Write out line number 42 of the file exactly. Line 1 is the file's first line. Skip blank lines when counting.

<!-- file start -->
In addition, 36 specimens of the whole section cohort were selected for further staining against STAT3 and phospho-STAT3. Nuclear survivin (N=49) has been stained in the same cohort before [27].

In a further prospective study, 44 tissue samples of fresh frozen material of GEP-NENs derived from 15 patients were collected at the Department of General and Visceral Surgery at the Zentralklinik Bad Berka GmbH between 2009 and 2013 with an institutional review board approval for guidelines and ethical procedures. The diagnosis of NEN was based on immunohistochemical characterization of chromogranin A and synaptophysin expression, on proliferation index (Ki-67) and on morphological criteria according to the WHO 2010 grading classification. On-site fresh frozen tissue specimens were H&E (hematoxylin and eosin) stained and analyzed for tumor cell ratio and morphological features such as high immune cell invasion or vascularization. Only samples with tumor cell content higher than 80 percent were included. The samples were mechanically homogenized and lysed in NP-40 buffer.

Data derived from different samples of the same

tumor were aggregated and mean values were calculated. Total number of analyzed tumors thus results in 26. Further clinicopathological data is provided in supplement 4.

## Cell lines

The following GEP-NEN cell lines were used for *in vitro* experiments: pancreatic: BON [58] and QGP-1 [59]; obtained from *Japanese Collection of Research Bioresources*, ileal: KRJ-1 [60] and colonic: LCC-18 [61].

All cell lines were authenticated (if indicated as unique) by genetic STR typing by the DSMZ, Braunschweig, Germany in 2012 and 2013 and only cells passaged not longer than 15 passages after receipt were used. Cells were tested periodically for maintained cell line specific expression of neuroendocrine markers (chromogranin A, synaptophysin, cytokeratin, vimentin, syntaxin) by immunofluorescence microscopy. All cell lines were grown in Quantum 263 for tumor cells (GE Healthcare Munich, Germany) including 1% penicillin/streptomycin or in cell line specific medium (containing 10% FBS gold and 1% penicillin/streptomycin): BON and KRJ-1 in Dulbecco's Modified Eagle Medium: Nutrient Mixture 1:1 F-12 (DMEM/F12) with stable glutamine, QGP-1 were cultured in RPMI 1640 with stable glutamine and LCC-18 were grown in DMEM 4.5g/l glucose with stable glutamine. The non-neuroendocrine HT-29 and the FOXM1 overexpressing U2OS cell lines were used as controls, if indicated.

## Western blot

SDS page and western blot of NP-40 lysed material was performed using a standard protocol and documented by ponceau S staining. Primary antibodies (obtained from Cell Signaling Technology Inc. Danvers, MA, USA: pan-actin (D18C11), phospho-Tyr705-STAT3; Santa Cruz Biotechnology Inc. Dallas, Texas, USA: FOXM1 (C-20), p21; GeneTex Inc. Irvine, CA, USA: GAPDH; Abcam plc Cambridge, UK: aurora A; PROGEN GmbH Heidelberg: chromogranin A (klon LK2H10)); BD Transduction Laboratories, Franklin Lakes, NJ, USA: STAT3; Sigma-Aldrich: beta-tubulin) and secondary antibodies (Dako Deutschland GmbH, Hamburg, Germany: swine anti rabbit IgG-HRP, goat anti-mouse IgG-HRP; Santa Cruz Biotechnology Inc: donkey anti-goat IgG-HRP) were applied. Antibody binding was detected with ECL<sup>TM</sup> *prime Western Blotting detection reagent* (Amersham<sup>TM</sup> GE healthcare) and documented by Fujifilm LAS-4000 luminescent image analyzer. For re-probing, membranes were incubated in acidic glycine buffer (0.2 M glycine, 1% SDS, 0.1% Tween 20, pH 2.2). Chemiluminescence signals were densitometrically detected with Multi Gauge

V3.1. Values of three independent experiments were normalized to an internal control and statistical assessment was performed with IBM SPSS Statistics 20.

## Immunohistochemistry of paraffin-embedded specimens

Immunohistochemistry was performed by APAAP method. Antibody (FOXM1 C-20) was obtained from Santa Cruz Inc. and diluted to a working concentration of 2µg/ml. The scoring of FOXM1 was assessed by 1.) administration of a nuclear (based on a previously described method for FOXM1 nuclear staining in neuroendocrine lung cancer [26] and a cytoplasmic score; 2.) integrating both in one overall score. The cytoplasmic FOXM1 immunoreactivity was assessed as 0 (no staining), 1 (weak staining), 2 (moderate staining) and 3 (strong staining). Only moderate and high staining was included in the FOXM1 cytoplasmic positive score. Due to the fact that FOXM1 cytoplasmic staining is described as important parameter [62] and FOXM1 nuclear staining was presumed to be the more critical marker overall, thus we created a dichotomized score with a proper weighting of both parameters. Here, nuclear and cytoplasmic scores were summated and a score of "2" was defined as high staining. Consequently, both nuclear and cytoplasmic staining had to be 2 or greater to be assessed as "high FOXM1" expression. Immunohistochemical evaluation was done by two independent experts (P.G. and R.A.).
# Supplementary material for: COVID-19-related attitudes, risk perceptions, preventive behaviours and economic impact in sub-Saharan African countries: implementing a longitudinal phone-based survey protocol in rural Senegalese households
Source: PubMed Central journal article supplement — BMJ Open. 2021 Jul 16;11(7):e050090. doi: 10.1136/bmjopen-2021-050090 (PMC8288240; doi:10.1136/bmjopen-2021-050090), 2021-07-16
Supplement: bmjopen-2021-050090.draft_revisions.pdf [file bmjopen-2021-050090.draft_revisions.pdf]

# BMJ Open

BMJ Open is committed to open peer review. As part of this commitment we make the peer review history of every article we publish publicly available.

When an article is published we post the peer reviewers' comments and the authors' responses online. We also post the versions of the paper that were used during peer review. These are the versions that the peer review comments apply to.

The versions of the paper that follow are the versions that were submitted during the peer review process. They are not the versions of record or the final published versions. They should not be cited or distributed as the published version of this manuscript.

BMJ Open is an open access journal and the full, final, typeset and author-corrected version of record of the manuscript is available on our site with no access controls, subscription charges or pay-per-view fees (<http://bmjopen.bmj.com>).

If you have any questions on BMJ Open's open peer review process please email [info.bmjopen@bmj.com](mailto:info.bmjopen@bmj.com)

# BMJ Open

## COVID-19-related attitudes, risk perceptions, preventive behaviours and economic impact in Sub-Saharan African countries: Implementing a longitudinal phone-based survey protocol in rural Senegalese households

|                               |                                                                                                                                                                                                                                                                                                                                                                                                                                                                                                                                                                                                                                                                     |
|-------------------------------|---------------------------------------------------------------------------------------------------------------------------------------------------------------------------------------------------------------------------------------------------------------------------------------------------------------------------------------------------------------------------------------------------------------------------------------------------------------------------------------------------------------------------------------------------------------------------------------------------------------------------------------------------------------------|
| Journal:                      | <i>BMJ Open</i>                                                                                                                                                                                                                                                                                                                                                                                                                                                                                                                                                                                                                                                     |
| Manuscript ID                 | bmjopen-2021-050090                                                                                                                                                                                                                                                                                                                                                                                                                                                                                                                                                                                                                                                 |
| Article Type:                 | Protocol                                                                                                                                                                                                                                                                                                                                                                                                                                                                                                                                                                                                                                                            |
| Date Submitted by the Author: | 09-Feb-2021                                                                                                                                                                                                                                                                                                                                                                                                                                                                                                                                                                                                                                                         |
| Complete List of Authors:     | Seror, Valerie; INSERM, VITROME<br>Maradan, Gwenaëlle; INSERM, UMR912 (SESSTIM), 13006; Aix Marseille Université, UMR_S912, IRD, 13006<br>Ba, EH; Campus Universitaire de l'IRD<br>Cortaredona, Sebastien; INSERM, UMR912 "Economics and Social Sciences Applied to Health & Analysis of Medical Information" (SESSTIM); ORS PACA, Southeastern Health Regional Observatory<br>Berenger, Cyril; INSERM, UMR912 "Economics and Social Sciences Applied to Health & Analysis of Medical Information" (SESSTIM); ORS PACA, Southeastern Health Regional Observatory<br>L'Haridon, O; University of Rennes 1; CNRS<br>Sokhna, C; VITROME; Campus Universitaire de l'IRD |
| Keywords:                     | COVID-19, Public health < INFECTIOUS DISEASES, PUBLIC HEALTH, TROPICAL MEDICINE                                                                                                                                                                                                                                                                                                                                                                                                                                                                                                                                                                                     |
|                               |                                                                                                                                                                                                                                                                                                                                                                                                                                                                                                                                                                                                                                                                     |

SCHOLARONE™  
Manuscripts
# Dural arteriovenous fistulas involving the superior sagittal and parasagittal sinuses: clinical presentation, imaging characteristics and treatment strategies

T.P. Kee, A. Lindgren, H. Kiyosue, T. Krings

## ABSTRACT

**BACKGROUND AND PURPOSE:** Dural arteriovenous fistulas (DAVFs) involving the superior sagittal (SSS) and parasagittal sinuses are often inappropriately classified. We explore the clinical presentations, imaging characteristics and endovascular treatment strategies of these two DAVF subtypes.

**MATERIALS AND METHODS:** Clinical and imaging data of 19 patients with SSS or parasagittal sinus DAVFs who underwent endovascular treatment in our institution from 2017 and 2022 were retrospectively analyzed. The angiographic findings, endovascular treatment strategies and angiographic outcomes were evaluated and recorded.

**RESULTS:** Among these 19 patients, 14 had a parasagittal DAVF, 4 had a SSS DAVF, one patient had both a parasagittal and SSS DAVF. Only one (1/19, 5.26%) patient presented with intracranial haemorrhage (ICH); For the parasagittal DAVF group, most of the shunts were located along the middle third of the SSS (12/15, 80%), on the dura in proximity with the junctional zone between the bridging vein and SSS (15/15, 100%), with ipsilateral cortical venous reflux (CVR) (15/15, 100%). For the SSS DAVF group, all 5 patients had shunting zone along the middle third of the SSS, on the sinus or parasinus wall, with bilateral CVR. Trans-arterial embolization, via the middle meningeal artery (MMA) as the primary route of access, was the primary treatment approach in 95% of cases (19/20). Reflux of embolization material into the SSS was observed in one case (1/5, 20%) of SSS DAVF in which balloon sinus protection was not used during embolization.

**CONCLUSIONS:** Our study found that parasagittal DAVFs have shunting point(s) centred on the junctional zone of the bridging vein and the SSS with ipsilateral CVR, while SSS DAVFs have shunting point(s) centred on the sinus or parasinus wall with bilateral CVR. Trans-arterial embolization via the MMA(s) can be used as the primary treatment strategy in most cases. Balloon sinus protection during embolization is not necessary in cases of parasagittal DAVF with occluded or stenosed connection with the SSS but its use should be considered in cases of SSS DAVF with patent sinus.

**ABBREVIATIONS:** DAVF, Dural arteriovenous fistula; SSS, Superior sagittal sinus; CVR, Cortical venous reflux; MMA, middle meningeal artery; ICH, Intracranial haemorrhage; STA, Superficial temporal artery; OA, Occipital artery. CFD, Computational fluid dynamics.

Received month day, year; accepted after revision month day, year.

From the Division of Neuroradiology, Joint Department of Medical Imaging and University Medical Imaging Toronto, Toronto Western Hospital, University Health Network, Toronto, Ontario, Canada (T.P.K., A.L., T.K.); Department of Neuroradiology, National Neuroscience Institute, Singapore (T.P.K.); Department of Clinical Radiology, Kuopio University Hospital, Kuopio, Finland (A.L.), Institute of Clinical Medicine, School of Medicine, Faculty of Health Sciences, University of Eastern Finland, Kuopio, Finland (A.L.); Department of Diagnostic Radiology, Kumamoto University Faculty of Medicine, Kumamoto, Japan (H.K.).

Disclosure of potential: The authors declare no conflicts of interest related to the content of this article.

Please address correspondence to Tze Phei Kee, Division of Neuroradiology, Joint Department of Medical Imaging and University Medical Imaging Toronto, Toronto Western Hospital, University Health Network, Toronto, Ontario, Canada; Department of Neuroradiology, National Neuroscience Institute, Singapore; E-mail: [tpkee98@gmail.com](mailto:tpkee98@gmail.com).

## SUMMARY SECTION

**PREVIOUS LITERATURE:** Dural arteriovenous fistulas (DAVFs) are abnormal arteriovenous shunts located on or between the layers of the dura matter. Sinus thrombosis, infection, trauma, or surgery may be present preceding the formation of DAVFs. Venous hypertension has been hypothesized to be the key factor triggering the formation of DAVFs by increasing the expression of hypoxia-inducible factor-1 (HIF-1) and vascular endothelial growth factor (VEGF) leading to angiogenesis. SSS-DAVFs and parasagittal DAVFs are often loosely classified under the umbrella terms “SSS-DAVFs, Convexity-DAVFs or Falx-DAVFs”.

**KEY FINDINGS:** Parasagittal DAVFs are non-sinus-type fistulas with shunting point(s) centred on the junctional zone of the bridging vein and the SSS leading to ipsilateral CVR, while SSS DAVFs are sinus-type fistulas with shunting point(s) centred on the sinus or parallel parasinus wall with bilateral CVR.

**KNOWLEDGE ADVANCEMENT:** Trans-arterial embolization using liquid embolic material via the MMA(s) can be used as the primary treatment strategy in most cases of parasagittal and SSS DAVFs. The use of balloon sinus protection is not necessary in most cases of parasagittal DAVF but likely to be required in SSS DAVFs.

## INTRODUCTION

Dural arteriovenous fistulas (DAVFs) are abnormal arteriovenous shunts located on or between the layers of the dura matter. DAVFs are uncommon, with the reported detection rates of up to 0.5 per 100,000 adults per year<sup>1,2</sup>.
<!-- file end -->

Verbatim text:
**ABBREVIATIONS:** DAVF, Dural arteriovenous fistula; SSS, Superior sagittal sinus; CVR, Cortical venous reflux; MMA, middle meningeal artery; ICH, Intracranial haemorrhage; STA, Superficial temporal artery; OA, Occipital artery. CFD, Computational fluid dynamics.